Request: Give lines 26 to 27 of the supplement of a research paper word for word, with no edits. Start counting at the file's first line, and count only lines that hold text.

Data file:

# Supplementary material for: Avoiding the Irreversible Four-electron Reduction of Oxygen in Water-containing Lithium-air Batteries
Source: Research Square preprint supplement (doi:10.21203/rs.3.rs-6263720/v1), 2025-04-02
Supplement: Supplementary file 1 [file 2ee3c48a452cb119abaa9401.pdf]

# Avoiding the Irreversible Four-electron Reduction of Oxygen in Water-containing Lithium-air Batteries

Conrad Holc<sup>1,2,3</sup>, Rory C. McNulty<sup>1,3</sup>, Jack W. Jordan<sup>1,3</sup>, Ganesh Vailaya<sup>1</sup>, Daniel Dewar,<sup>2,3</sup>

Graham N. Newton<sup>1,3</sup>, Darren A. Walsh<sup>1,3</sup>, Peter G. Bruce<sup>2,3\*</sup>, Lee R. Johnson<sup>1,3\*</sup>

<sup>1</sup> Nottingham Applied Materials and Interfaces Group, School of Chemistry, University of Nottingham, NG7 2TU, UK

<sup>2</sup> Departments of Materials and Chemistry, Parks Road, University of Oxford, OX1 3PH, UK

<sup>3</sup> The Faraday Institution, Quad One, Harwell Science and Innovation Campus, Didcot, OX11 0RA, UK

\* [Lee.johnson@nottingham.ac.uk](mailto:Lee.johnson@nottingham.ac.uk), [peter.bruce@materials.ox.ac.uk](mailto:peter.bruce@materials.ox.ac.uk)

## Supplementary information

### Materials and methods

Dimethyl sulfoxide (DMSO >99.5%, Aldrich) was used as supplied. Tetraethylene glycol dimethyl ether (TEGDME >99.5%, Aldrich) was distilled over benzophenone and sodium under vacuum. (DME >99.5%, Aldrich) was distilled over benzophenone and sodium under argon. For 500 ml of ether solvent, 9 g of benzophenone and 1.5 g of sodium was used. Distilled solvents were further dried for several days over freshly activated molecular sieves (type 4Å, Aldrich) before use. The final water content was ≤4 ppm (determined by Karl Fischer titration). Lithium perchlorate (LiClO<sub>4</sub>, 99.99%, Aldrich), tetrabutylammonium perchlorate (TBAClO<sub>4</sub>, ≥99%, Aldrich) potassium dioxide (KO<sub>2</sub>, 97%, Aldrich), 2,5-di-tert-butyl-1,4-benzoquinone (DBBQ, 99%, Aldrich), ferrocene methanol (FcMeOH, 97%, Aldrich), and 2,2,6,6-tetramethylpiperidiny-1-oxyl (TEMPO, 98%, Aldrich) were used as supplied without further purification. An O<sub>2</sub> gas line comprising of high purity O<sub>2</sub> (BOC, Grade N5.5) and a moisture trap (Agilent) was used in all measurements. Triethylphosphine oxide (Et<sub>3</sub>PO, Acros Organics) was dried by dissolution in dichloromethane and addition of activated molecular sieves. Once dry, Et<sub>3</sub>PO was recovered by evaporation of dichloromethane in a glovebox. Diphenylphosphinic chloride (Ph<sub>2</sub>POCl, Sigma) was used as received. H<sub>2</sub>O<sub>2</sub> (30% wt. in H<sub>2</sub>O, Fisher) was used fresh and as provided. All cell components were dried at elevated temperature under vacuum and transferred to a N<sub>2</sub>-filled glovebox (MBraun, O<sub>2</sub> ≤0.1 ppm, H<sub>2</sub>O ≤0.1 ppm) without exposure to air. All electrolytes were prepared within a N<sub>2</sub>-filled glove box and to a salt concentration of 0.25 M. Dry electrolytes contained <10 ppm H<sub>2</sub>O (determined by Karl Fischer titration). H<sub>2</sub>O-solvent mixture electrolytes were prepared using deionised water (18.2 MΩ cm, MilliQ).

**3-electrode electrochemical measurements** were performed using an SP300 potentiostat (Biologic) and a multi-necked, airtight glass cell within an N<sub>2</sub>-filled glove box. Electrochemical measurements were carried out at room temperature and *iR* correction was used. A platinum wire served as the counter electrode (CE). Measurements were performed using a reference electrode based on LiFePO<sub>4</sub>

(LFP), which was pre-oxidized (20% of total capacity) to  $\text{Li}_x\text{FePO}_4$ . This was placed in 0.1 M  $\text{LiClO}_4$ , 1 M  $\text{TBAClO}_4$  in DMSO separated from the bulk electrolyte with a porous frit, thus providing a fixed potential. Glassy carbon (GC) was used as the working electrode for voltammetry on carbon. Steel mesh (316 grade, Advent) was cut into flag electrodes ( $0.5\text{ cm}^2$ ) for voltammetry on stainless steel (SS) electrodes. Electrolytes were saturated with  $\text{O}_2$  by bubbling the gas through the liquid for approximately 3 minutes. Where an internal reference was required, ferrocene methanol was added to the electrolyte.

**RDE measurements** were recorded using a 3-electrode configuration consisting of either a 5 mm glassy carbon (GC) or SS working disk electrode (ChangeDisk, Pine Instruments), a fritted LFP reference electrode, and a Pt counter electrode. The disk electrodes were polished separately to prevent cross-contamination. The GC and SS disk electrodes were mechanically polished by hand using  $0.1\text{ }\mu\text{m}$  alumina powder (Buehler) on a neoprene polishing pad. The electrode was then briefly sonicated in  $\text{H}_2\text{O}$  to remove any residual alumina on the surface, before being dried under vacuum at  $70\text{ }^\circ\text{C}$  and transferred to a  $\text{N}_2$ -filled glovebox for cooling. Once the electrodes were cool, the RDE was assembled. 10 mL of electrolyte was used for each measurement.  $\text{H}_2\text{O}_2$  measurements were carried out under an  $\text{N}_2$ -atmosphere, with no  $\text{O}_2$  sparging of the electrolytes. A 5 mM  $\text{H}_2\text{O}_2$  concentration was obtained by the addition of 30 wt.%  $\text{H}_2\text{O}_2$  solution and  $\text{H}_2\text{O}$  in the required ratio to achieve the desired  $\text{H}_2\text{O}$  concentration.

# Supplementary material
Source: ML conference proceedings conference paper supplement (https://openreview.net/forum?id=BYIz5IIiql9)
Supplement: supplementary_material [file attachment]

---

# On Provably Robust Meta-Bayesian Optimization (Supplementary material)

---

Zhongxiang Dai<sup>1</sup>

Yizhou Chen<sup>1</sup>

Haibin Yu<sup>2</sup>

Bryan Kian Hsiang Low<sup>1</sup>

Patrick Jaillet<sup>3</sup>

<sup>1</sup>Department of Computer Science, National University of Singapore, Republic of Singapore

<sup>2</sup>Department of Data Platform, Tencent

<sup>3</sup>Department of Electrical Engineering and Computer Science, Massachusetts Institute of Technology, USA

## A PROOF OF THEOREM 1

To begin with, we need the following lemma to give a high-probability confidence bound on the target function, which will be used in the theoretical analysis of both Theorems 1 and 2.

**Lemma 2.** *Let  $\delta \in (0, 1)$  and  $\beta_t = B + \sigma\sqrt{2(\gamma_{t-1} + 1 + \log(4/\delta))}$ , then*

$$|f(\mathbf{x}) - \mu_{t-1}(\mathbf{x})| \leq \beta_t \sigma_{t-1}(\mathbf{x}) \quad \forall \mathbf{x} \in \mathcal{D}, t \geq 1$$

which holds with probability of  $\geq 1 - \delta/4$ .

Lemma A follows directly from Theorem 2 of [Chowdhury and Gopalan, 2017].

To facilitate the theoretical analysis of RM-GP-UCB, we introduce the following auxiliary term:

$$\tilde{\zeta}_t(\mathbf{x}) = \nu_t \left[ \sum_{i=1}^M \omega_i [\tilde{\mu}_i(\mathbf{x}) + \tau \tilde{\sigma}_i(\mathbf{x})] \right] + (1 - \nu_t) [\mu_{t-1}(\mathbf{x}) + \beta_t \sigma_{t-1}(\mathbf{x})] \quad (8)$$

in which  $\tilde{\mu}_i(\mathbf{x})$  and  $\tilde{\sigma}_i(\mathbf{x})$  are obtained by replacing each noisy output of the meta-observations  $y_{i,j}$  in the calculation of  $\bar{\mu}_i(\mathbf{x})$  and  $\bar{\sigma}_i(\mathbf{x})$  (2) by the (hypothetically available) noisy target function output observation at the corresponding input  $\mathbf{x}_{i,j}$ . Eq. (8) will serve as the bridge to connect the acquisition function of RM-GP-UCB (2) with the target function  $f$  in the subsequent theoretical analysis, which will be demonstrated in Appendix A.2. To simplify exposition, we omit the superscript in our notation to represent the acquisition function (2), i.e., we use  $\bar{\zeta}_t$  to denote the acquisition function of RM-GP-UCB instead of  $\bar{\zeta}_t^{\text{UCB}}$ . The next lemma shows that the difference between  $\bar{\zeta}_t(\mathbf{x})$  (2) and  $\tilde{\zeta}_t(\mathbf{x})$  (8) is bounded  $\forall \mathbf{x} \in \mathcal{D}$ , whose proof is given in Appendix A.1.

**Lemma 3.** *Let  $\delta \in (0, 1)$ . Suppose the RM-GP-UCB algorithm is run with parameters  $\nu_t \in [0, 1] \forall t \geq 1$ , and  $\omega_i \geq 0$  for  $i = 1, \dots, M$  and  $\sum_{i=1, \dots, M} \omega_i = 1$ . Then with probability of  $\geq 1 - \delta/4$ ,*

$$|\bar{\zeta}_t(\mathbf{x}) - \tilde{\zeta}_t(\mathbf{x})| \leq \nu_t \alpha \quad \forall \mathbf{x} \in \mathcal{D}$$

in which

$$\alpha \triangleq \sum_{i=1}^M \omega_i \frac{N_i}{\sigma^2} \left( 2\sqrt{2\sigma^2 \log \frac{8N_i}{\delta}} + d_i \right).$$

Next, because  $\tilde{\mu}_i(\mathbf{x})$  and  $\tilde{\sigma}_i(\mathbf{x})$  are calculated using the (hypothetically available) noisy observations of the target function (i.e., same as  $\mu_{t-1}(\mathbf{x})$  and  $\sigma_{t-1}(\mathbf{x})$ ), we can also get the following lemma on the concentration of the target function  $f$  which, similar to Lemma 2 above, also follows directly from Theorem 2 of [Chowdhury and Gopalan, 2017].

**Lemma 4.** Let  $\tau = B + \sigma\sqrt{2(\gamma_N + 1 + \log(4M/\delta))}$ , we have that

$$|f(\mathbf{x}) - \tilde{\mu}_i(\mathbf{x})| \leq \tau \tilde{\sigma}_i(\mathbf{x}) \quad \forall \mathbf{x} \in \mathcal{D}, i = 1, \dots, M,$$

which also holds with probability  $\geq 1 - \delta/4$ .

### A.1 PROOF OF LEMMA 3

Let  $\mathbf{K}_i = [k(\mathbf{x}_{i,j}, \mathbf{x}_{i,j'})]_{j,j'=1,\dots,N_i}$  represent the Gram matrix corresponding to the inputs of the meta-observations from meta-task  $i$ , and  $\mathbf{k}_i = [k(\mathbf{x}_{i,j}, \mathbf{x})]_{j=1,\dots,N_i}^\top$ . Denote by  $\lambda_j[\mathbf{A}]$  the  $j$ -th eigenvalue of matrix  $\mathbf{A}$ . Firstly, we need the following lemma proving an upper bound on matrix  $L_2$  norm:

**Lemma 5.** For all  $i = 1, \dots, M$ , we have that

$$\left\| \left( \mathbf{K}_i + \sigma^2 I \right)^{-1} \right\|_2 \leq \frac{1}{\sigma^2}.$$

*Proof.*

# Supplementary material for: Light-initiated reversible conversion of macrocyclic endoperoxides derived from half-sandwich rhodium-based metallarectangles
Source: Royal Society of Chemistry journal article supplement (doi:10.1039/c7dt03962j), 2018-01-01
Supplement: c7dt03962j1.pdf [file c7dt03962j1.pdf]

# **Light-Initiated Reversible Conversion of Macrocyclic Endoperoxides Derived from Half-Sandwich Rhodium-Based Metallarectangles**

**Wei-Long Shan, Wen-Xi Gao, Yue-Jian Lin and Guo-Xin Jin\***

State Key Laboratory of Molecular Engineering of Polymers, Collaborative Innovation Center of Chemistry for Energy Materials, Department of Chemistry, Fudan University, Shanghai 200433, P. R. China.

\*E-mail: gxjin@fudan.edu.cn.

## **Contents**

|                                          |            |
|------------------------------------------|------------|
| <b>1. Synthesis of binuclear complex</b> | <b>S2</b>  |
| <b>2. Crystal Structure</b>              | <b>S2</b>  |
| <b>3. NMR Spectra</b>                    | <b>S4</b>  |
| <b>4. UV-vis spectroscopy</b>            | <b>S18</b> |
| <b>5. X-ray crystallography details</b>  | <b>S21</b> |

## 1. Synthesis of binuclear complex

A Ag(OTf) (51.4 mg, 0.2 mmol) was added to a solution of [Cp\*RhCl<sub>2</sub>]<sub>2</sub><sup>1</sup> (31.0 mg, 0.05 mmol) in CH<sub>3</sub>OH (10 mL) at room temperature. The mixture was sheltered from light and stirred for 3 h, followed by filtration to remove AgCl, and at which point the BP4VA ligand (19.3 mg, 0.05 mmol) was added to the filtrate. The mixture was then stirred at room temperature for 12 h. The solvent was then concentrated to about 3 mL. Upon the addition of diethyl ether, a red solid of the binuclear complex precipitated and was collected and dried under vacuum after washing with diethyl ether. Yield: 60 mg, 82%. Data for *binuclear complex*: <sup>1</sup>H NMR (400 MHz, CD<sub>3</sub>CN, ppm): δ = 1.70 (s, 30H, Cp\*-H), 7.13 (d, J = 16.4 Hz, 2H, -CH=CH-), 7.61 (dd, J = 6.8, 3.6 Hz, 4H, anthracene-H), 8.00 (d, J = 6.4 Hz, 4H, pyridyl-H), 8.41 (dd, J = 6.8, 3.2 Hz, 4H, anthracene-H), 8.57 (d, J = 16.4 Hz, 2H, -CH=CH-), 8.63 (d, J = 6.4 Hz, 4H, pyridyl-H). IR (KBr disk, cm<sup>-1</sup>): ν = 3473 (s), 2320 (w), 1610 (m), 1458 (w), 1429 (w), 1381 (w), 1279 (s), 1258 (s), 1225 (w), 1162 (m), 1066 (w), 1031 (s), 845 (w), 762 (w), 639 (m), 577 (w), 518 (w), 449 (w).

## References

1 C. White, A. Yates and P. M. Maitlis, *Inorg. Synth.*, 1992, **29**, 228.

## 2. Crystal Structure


Bryan Kian Hsiang Low<sup>1</sup>

Patrick Jaillet<sup>3</sup>